Editorial: A strong voice renewed
It is long since settled that in the United States, religious leaders have every right – indeed, even obligation – to champion their faith’s beliefs in the political arena.
Perhaps no church has been more politically active in the last century than the Catholic Church but too often, the guidance church leaders have handed down has crossed the line from moral certitude to threats of eternal damnation if members of the flock voted for any pro-abortion rights candidate.
That intransigency in the face of a changing political landscape and the three decades of legal abortion has damaged Catholic leaders’ ability to lead their flock down a principled path.
But with this year’s presidential election, those who have been conflicted between their fealty to the church and the decision to support a candidate whose stands are far more diverse than Roman Catholic dogma have been given strong guidance from the nation’s bishops with an acknowledgement that opposition to abortion is not the sole litmus test when casting a ballot.
In its quadrennial guide for voters leading up to presidential elections, the 300-member U.S. Conference of Bishops has affirmed that candidate stances and party platforms as a whole are more important determinants in electing politicians with integrity than a singular position in line with church teachings.
While emphasizing their belief that abortion is “intrinsically evil,” the bishops acknowledged that Catholics who oppose abortion can vote for a pro-choice candidate if there are other issues that make the politician morally agreeable.
“At the same time, a voter should not use a candidate’s opposition to an intrinsic evil to justify indifference or inattentiveness to other important moral issues involving human life and dignity,’ the document “Forming Consciences for Faithful Citizenship” states. “There may be times when a Catholic who rejects a candidate’s unacceptable position may decide to vote for that candidate for other morally grave reasons.”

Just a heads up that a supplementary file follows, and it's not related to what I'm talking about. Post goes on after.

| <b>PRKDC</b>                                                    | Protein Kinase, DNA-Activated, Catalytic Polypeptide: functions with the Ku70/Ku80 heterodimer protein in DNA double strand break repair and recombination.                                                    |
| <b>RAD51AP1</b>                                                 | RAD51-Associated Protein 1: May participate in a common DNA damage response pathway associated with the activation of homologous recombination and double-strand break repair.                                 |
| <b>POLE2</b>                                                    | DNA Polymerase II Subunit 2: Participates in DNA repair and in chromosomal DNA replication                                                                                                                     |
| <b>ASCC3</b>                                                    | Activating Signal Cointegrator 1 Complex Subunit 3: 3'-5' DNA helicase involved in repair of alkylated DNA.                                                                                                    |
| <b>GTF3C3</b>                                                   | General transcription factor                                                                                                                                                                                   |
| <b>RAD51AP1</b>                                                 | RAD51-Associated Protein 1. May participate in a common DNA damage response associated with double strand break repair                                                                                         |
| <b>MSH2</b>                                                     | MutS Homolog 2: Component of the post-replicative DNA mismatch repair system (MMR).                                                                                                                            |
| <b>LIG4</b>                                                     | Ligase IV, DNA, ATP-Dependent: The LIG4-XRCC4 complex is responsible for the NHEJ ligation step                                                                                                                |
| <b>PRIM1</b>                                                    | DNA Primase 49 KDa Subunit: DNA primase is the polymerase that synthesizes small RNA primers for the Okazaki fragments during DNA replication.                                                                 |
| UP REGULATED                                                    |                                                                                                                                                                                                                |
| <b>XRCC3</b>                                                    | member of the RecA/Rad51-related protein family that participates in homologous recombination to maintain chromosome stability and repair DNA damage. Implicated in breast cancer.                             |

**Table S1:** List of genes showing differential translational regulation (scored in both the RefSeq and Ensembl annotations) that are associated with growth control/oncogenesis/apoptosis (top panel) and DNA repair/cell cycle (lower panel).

The bishops’ 44-page statement cites opposition to racism, stem cell research, euthanasia, war, capital punishment, same-sex marriage as well as embracing immigrants as issues that warrant a Catholic voter’s support.
While we disagree with some of the church’s stances in areas such as gay marriage, embryonic stem cell research and abortion, it has nonetheless been an advocate for the poor and disenfranchised who lack political capital, especially here in Catholic-heavy Massachusetts.
The church’s glacial response to the clergy sex abuse scandal after decades of the Vatican’s uncompromising views on divorce, contraception and choice has marginalized its influence with the faithful.
It appears, at least in this country, the shepherds have seen their flock change and recognize that strong spiritual leaders know followers will adhere to reasoned guidance more than inflexible dictates.